The Fun of Urban Foraging. Wild Girl Goes Urban Foraging in Portland. Photos via Culture ChangeUrban foraging is gaining appeal among more people as a way to gather up the free bounty of wild plants that still thrive in city settings.
However, it's not an easy thing to do - at least not at first. You need to be able to identify plants, know rules about public property, and enjoy cooking up food that we're used to seeing as weeds. Ecolocalizer let us know about Becky Lerner, AKA Wild Girl, a blogger who has taken on the task of eating only what she can forage from her Portland, Oregon urban forest. Lerner is blogging at Culture Change about her experience. And no, this isn't urban foraging like a freegan out of dumpsters or restaurant back doors. She writes: Most of what I know comes from spending time with knowledgeable friends who are herbalists, survivalists, ethnobotanists and primitive skills enthusiasts. Many of us think gathering anything in a city setting that doesn't look like the produce we buy at the grocery store is a bit on the risky side. Urban foraging - ethical? Justin Rowlatt - 8 Nov 06, 02:47 PM We hear a great deal about how we should buy food locally as a way of reducing “food miles”, that is, the distance our food has to travel before it reaches our plates.
So what could be more ethical than picking fruit from trees on the streets around my house? The Ethical producer, Sara, confiscated my car back in April so I’ve had the opportunity to watch the local fruit trees blossom and the fruit ripen on the boughs. I’ve seen the apples swell to maturity, the wine-dark grapes take on their yeasty bloom and the figs blush purple. Yet nature’s bounty has remained untouched. So are Ethical men and women like me allowed to reap this rich harvest? Urban Foraging with Leda Meredith - Green Edge NYC * Community for a Sustainable Future. Urban Foraging with Leda Meredith Green Edge NYC and wild edible and medicinal plant expert Leda Meredith invite you to sign up for an morning of urban foraging in Prospect Park.
Leda will be sharing her wisdom and teaching participants how to identify edibles in the urban terrain. At the end of the foraging walk, participants will have a chance to sample the treats including wild edible ingredients and conduct a Q&A with Leda. Urban foraging. Top 10 Ways to Forage in Los Angeles - Los Angeles Restaurants and Dining - Squid Ink. Click to enlarge Willy Blackmore What's there to eat?
Spring means many things in Southern California--the end of citrus season, the beginning of masses of bright green reappearing in local farmers' markets--but it is not associated with the food-gathering traditions long upheld elsewhere in the country. The first somewhat warm, wet months that follow winter bring about morel hunts in the Midwest, ramp digs in Appalachia, fiddlehead fern gathering in New England. Like the king of wild ingredients, the truffle, these highly season, intensely local foods are loved not just for their taste, but for the traditions which have built up around their seasons, the effort needed to experience their aromas, flavors and textures.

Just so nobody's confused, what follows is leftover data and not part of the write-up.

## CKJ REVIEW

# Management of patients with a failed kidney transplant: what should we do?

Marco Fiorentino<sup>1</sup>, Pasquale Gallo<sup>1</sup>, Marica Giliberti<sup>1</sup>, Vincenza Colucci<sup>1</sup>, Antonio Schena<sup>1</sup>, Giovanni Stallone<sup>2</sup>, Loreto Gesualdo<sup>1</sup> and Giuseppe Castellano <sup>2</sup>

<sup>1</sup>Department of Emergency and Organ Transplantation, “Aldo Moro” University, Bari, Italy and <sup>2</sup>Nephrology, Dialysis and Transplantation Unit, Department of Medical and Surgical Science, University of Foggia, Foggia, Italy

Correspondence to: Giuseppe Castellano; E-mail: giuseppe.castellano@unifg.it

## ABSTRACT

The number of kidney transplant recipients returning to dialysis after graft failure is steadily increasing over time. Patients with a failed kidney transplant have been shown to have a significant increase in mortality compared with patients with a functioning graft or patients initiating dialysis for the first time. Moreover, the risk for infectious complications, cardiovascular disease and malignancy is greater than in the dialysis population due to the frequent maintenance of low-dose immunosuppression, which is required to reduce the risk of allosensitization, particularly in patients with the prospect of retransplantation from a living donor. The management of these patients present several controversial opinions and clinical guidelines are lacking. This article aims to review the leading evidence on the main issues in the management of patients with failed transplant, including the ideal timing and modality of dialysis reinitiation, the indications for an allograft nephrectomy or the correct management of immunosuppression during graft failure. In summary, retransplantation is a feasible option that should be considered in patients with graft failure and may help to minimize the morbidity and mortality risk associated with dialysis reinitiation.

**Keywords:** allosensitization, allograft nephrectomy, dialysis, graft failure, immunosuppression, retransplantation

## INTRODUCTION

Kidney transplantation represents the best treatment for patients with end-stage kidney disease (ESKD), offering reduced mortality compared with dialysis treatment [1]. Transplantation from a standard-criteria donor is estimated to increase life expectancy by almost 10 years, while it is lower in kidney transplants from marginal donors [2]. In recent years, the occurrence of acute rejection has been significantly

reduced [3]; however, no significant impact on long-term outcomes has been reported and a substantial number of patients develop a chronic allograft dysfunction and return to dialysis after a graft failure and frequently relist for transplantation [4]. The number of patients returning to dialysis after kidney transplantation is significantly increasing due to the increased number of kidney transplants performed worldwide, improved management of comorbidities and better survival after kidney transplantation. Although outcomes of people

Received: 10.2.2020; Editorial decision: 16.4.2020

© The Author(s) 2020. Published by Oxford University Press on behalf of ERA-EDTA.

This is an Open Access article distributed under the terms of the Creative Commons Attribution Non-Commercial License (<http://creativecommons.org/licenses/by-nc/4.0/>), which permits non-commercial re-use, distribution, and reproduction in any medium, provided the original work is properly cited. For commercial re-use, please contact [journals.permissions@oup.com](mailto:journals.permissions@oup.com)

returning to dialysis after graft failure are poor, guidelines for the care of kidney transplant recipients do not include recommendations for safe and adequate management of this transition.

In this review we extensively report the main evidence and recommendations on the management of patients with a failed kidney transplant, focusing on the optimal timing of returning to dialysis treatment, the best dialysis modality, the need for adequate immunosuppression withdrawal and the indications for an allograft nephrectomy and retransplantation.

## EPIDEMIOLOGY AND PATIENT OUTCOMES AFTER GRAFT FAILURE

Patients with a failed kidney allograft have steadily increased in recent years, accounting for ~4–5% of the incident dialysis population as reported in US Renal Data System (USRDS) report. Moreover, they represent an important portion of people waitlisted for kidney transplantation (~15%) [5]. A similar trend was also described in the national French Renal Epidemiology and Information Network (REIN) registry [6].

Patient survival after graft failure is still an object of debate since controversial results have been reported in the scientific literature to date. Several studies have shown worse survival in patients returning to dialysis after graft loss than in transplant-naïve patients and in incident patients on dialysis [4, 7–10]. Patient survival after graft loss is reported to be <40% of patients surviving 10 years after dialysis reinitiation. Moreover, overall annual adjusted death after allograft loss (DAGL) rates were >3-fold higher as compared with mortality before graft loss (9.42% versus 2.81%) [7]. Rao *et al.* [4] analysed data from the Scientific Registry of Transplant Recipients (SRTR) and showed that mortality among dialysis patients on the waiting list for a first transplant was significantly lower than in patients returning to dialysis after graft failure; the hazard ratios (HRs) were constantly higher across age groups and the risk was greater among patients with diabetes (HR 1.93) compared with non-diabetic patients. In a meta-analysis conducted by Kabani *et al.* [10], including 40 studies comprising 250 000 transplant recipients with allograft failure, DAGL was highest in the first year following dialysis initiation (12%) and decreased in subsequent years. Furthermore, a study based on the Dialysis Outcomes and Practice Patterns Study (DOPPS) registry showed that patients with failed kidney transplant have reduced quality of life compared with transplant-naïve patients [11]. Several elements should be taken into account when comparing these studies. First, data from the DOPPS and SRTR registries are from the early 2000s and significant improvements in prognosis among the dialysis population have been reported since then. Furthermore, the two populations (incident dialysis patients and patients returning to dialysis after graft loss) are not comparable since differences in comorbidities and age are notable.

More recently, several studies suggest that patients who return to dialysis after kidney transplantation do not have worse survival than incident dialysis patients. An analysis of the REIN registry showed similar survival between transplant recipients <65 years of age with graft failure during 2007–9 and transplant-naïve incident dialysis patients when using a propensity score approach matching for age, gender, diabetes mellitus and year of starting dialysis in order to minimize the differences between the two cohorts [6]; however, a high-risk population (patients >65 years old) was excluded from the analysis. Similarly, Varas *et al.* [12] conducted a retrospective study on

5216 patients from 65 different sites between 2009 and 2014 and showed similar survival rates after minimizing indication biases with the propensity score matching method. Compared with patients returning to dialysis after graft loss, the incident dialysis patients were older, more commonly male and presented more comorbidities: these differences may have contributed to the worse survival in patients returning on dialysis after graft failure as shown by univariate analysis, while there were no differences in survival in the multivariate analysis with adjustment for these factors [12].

But other than hoping a plane to Iowa and somehow convincing a seasoned mushroom hunter to take you to his or her most treasured tract of woods (author's note: this is goddamn impossible, and I can say that from experience. Foraging The Weeds For Wild, Healthy Greens. Can we come up with a tasty, healthful salad, just by foraging the urban neighborhood around NPR's Washington, D.C., office?
That would be the ultimate in locally grown food. Top 10 ways to forage for free food - Times Online. The modern harvest — Urban foragers share the wealth. In some circles, it’s known as “urban foraging.”
Or “urban crop sharing,” or “urban communism.” The terms all describe a growing movement that brings together diverse lovers of produce, freebies, and practical idealism. The goal? Urban Foraging and Guerrilla Gardening. One trend that has really caught my interest lately (to the chagrin of certain hygiene-obsessed boyfriends) is urban foraging.
No, I'm not talking about the Freegans. (Call me elitist, but—although I love the idea of reducing waste—I hate the idea of Dumpster-diving; if you're not similarly inclined, you can find out more about that movement here). I'm talking about foraging for free fruits, vegetables, and other "wild food" around the city. A whole bunch of web guides to these free food locations have sprung up in cities around the US—particularly in Portland, Ore., where the Urban Edibles web site ("A community database of wild food sources in Portland, OR") includes a frequently updated Google map with dozens of detailed location descriptions (for example: "Pear Tree @ N Albina and Failing: Good sized, yellow pear tree on the NW corner.
Small italian plum is next to it. ") Don't take more than you need. The idea of urban harvesting is appealing on several levels. At Vacant Homes, Foraging for Fruit. She noticed something else.
Those forlorn yards were peppered with overgrown gardens and big fruit trees, all bulging with the kind of bounty that comes from the high heat and afternoon thunderstorms that have defined Atlanta’s summer. So she began picking. First, there was a load of figs, which she intends to make into jam for a cafe that feeds homeless people. Then, for herself, she got five pounds of tomatoes, two kinds of squash and — the real prize — a Sugar Baby watermelon.
“I don’t think of it as stealing,” she said. Of course, a police officer who catches her might not agree with Ms. But as the world of urban fruit and vegetable harvesting grows, the boundaries around where to grow and pick produce are becoming more elastic. Over the last few years, in cities from Oakland, Calif., to Clemson, S.C., well-intentioned foraging enthusiasts have mapped public fruit trees and organized picking parties. There are government efforts to turn abandoned land into food, too.